THE government is set to offer postCovid-19 counselling sessions to learners to deal with depression and anxiety following the disruption caused by the months away from school during the pandemic.
This comes as a local top psychiatrist — Nemache Mawere — who is based at Ingutsheni Psychiatric Hospital in Bulawayo, told the Daily News that most children’s mental health was affected by coronavirus.
Since last year, the school calendar has been severely affected with learners going to school for only four months due to the lockdowns imposed by authorities to curb the spread of Covid-19.
During the down time, a number of learners were not able to follow online and radio lessons and some of them began to engage in vices like drug abuse, reckless sexual behaviour and crime. The poverty in most communities also forced some learners to look for menial work in order to put food on the table.
On Tuesday, the government announced that examination classes should return to school for face-to-face lessons starting on March 15 while the rest of the classes should resume a week later.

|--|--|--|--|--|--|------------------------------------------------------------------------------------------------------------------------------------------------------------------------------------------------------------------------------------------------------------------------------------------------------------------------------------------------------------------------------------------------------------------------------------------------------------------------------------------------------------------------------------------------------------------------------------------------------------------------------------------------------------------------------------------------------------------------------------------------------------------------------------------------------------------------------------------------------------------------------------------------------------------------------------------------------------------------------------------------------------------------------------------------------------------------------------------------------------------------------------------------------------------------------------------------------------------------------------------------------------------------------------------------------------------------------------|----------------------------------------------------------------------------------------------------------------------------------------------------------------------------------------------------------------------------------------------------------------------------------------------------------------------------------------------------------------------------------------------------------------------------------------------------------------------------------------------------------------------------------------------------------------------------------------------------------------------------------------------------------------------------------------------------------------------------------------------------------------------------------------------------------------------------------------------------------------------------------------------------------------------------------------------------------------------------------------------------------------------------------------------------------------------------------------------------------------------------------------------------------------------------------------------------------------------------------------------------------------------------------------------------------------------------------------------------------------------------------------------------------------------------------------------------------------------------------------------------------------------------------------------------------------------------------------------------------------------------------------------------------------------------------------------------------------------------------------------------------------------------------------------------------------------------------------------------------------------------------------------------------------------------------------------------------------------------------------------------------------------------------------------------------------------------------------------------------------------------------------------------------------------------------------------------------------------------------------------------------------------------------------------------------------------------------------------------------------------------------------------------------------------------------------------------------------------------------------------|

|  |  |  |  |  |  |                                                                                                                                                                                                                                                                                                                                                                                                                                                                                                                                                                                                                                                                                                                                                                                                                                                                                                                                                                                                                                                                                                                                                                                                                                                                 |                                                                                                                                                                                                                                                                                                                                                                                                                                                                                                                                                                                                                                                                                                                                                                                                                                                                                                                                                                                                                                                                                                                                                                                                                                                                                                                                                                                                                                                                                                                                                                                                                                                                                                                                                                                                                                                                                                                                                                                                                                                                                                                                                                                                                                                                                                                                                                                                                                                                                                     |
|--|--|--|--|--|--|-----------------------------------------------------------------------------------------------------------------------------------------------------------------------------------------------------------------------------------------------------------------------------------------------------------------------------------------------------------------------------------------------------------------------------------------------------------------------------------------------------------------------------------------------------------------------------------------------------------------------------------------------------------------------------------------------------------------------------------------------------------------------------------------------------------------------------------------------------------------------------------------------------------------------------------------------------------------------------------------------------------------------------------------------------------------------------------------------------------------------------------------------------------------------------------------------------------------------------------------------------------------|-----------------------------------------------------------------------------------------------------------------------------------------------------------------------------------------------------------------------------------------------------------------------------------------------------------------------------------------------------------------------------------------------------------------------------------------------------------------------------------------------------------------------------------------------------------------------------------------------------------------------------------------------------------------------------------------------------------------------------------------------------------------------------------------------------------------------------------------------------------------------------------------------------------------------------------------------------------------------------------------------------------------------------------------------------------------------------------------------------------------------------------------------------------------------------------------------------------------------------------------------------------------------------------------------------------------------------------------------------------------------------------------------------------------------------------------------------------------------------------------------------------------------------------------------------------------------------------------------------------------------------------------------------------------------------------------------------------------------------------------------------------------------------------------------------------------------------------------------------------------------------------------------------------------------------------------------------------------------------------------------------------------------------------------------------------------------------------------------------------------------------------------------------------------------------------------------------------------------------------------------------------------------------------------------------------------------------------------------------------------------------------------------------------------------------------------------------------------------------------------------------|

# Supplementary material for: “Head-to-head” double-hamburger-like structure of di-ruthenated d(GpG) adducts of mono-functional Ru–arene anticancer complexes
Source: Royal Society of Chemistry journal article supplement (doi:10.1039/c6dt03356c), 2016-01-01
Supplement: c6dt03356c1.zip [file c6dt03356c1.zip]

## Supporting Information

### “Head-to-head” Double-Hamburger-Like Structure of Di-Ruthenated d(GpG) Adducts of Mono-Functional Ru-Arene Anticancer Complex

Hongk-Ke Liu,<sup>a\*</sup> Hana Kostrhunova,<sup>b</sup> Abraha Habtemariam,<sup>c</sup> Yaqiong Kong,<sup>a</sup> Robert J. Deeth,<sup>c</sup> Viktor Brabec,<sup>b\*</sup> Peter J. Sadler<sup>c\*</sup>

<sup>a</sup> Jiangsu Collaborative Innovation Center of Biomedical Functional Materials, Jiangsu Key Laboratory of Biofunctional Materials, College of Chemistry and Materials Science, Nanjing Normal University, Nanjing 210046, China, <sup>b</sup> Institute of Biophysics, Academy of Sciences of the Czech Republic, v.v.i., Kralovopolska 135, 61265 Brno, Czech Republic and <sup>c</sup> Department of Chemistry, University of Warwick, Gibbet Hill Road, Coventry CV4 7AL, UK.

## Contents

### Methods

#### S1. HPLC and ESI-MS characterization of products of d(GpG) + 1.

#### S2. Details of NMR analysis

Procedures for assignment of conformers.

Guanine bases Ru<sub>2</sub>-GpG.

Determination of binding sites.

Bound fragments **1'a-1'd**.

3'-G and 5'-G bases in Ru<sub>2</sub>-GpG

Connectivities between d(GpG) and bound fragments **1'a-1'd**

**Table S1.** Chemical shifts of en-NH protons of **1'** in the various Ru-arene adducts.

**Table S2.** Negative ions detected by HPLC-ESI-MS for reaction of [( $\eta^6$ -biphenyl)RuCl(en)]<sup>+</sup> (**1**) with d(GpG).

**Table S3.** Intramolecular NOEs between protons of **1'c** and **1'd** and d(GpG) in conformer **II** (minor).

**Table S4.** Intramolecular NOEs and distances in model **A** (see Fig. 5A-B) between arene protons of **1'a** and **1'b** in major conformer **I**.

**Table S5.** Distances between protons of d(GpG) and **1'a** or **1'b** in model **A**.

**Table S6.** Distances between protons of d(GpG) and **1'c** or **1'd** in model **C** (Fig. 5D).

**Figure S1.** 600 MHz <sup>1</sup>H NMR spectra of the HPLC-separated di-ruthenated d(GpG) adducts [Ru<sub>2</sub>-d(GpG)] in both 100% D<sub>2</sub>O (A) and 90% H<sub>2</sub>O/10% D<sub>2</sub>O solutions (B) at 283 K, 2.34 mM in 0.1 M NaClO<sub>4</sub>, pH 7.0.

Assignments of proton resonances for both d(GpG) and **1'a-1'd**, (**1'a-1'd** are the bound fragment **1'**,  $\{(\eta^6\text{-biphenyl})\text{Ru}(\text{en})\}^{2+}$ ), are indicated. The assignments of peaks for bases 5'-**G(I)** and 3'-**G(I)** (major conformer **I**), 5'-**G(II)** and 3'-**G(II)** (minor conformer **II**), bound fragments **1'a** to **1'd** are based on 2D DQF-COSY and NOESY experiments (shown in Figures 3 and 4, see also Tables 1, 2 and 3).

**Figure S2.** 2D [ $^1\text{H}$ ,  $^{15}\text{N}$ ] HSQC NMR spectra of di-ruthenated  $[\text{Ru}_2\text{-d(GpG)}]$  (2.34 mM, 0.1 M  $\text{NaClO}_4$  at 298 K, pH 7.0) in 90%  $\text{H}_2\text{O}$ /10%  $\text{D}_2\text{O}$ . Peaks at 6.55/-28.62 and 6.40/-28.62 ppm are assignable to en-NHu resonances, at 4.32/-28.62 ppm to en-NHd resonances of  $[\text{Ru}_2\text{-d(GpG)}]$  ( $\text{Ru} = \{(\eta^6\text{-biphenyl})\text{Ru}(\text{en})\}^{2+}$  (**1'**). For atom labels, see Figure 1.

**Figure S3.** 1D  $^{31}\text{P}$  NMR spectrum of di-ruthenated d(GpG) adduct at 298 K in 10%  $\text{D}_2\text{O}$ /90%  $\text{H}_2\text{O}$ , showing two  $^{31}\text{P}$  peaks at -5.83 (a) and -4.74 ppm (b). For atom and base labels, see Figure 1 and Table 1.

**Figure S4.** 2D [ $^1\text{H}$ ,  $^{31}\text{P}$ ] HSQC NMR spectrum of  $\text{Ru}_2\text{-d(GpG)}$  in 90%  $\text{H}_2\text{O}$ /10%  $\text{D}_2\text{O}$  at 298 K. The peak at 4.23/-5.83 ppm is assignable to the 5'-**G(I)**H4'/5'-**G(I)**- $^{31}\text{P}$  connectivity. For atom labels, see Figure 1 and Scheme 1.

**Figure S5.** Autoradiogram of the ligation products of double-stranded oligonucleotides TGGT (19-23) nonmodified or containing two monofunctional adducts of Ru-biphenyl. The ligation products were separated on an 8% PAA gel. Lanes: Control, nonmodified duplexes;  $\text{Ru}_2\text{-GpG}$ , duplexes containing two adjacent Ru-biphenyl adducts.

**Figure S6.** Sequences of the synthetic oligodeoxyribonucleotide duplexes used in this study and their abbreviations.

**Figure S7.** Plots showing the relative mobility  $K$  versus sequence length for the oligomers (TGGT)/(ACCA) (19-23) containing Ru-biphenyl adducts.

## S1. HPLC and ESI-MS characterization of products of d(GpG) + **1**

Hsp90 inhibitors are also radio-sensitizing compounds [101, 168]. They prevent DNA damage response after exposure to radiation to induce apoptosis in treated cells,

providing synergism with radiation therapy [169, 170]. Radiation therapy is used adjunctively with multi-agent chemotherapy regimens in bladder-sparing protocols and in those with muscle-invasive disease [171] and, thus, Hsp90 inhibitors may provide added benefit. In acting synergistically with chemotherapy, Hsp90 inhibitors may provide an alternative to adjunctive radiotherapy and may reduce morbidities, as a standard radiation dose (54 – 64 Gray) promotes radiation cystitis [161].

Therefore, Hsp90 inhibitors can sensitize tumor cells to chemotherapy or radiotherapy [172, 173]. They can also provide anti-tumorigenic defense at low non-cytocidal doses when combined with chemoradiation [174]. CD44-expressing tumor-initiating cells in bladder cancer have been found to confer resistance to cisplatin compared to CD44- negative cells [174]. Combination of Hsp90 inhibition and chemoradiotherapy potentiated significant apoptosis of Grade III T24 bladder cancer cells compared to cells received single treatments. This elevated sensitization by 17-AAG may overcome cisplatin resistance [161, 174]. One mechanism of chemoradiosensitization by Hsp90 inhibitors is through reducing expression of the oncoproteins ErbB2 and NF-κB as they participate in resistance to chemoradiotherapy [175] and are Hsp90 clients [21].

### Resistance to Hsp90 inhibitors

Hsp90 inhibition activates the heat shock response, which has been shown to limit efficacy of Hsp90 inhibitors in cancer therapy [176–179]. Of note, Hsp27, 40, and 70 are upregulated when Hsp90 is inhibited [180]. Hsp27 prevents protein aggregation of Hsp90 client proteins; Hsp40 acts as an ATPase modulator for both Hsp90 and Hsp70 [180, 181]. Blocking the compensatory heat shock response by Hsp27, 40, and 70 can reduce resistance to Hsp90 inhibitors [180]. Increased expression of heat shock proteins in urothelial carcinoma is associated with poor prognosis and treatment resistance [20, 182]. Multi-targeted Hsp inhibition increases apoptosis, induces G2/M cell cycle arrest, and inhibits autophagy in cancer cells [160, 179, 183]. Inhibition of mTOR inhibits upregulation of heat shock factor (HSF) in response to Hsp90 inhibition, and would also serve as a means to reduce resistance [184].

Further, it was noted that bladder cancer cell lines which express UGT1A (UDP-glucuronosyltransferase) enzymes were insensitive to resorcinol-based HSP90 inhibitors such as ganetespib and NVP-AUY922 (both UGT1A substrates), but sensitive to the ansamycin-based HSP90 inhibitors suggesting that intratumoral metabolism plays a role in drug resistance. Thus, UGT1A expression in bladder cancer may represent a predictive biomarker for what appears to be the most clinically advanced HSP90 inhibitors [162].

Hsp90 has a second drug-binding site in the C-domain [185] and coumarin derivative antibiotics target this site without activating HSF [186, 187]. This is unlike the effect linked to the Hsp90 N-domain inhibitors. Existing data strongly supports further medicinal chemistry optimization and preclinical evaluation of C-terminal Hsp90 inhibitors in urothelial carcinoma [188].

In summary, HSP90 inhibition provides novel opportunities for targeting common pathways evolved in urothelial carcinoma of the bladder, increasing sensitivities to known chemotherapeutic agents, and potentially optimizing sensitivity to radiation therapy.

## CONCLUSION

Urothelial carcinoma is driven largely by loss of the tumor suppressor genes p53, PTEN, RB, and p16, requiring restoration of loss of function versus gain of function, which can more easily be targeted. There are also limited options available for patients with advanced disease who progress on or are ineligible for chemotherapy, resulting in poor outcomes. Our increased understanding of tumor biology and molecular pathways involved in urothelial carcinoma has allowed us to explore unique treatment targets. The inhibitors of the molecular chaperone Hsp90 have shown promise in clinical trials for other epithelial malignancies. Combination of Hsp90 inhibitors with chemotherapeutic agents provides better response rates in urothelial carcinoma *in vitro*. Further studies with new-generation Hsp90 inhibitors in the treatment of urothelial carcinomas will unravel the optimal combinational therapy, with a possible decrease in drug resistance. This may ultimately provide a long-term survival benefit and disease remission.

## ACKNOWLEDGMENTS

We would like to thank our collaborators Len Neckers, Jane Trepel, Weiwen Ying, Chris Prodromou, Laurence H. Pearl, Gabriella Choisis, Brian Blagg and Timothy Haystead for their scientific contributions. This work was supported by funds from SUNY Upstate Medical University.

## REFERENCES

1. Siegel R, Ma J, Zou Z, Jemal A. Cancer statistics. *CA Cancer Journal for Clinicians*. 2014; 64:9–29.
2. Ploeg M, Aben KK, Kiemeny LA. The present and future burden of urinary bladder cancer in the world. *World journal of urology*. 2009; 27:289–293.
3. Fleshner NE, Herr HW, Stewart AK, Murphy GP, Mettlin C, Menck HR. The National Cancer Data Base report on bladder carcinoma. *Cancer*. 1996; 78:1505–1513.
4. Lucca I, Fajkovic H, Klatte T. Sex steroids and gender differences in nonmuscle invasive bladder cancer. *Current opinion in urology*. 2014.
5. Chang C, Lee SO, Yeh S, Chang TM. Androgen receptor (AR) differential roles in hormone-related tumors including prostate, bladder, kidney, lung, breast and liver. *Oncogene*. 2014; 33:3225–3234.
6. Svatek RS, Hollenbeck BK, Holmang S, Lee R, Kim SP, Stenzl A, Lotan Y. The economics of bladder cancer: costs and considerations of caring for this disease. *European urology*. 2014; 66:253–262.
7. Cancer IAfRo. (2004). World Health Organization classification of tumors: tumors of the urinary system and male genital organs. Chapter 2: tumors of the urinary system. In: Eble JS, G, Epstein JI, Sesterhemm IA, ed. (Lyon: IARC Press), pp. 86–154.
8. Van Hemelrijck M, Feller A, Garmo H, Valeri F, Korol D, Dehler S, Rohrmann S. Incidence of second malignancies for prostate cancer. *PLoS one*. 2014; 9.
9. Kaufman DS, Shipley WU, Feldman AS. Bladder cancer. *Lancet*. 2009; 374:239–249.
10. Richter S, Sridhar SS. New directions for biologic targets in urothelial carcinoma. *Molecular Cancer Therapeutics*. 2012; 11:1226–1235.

Communications director in Primary and Secondary Education ministry Taungana Ndoro said the government was aware learners had been through a lot during the various lockdowns.
“The ministry will continue to encourage schools to use child-friendly methods to urgently identify learners whose experiences in the community and home circumstances may have resulted in them exhibiting signs of trauma, distress, fear or disinterest in school.
“Priority attention should be given to learners who experienced bereavements, family turmoil, smoking, alcohol and other substance abuse, survivors of violence and child labour.
“Time will be set aside for our ministry’s core guidance and counselling teams to provide confidential psychosocial support first aid during the course of the school day,” Ndoro said. Speaking to the Daily News earlier this week, Mawere said learners had suffered a lot emotionally as a result of the pandemic.
“It is very important that school children get priority because they have suffered a lot of anxiety, depression and acute stress disorder due to the environment they are living under; very stressful, lockdown isolation, disruption of lifestyle, uncertainties, return to school procedures, online classes, teachers’ strikes and attitudes to work.
“We are trying to do a post Covid-19 programme with the schools, we need to conscientise the children and parents about these issues because Covid-19 has many mental challenges,” Mawere said.
He said the government should support schools with online learning resources because it would be difficult to cover all areas with face-to face lessons.